2011 was a breakout year for online video. It grew in both importance and prevalence largely because of the abundance of video content coming online from video streaming sites like Amazon, Hulu, Netflix and VEVO -- and the fact that the quality and quantity of content has dramatically improved in just a short time.
Another factor: Cable channels like HBO and ESPN and providers like Comcast putting more shows online, enabling advertisers to both replicate and improve on their TV advertising efforts. Users, meanwhile, are making it clear they will sign up and pay to watch video not only online, but also via mobile devices, such as smartphones, the iPad and other tablets.
So, how will online video evolve further in 2012? Here’s a glimpse:
Rise of multiscreen TV advertising: In 2012, expect TV advertisers to embrace an integrated, multiscreen approach to advertising. The traditional TV campaign will be extended to reach audiences across every channel: mobile, online and eventually, through connected TV devices and other cable set-top boxes. This means the somewhat unnatural divide between TV and digital advertising buys will go away and advertisers will have the opportunity for a single “digital TV” ad buy. In fact, it’s already happening. Look at Roku: Disney has started selling interactive ads on its Roku channel. So this transition is not as far away as some may think.
Fade-out of the “dumb” pre-roll: The annoying TV commercial turned pre-roll will be replaced by highly interactive and social in-stream video ads designed to engage and entertain users. The consumer of 2012 will expect value-added interactions across any screen, anytime, anywhere. (Thank highly interactive smartphones, tablets and social media for this shift in expectations). Users don’t want ust to sit and watch an annoying 30-second pre-roll ad for a car while waiting to view their favorite TV show online or on a tablet. They want to get value from that ad. They want to feel the experience of the car, learn about it, possibly find their local dealer and tell their friends about it.
Proliferation of Companion TV/Social TV apps: Traditional TV provides no real way for users to interact with content, so expect to see a wave of iPad and tablet apps hit the market that essentially extend the TV content and advertising experience. Users can interact with TV programming and other content, and have contextually relevant ads delivered on their tablet while they’re watching TV.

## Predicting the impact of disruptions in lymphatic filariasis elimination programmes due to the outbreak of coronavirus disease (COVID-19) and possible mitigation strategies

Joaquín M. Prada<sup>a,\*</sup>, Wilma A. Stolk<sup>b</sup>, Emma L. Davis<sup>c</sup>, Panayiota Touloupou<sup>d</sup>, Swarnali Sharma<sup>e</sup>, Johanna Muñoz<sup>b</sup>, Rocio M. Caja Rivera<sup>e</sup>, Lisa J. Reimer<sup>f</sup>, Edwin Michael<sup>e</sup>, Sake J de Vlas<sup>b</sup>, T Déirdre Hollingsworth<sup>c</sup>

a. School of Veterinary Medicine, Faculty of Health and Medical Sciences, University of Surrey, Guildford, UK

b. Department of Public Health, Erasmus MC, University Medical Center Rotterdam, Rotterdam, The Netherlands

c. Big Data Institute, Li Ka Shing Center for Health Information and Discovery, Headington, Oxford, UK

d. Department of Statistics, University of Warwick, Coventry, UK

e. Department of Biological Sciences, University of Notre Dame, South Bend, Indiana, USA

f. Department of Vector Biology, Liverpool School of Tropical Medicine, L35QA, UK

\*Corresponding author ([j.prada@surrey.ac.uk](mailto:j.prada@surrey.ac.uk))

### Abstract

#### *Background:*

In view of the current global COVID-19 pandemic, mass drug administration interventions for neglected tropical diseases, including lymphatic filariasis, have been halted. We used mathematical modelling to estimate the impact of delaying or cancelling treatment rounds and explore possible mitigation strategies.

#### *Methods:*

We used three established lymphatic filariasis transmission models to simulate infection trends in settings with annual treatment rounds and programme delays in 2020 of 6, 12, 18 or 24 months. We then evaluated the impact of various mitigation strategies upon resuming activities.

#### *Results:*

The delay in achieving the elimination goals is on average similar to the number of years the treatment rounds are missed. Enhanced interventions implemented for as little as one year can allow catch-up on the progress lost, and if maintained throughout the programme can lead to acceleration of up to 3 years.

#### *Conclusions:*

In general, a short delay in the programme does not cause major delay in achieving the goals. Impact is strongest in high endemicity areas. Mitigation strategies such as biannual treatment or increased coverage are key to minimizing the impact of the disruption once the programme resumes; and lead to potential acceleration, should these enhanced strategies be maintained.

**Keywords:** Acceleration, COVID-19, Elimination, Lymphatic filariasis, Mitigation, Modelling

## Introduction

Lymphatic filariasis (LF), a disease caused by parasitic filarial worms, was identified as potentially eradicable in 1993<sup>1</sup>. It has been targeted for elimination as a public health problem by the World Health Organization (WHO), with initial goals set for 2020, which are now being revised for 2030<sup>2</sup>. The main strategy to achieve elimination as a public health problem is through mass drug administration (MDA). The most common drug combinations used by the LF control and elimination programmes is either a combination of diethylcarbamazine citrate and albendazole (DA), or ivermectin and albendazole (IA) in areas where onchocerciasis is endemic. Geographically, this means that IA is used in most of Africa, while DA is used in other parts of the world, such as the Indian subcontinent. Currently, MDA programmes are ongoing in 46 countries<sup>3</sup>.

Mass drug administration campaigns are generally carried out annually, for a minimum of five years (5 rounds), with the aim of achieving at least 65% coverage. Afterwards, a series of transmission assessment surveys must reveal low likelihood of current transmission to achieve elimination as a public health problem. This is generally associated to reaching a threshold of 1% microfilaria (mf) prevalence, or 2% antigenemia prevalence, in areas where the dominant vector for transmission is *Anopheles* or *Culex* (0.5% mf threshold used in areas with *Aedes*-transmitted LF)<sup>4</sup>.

For example, say you’re watching "Glee" on TV and there’s a TV ad for Skechers. The Companion/Social TV app would detect that you’re watching "Glee" and show you an interactive version of the Skechers ad that will allow you to see additional videos of the shoes, download a coupon, find the nearest store that carries them, and tell your friends you’re going shoe shopping.
Broad adoption of video advertising models: All video streaming sites (yes, even Netflix) will adopt video advertising models in an effort to keep subscription prices down as premium content prices skyrocket. Subscription-only (and ad-free) video streaming will be very expensive and probably not sustainable as a business model -- except for video content owners like cable and broadcast channels. Outside of Hulu and VEVO, several new entrants to video streaming are trying to go the subscription-only route. But video streaming sites that think they can live on subscriptions alone likely will have a hard time surviving. For sites like Netflix that have a goldmine of premium content, switching to an ad-supported subscription service makes sense. It will instantly create a multiscreen integrated “digital TV” ad buy that helps advertisers reach viewers on PC, mobile and Connected TV.
In 2012, the online video experience is only going to get better for users: Higher-quality content, more viewing options that are convenient and affordable, and more ways to interact with content that provides value. And for advertisers, there will be new opportunities to connect with users across a broad range of channels and extend the TV experience in ways never before possible.
"They want to get value from that ad. They want to feel the experience of the car, learn about it, possibly find their local dealer and tell their friends about it." The "they" are those who are active in the buying cycle or, at the very least, have acknowledged their need. For the "us" who are not in the buying cycle will find no value in any kind of advertisement so the question is just how annoying can you make advertisements before the entire online video experience moves us to seek no ad, subscription-based content for our music and videos?
I agree with Ruth Ann; and I would that consumers now want and expect these video ads to offer some level of personal engagement between the actual brand and the consumer -- real person-to-person customer care. Simply thinking that you can distract us and think we just need to be entertained is not enough in our increasingly socialized world built on genuine personal relationships.
People want stuff for free. If free means an ad, then lets make it engaging. The perfect part of marketing to online buyers is you know what they are watching so you can target market. The multiscreen approach already started in 2010 with Shazam tagging a Superbowl ad. Fast forward 2 years "and millions of interactions later, up to a third of the [SuperBowl] spots will be Shazam-able," said Evan Krauss, evp of advertising at the company. These "Shazam-able" campaigns have a 350 percent increase in engagement over standard Facebook or Twitter calls to action. Looks like a good time to start cross platform marketing. Full AdWeek article: http://tinyurl.com/7na5ljf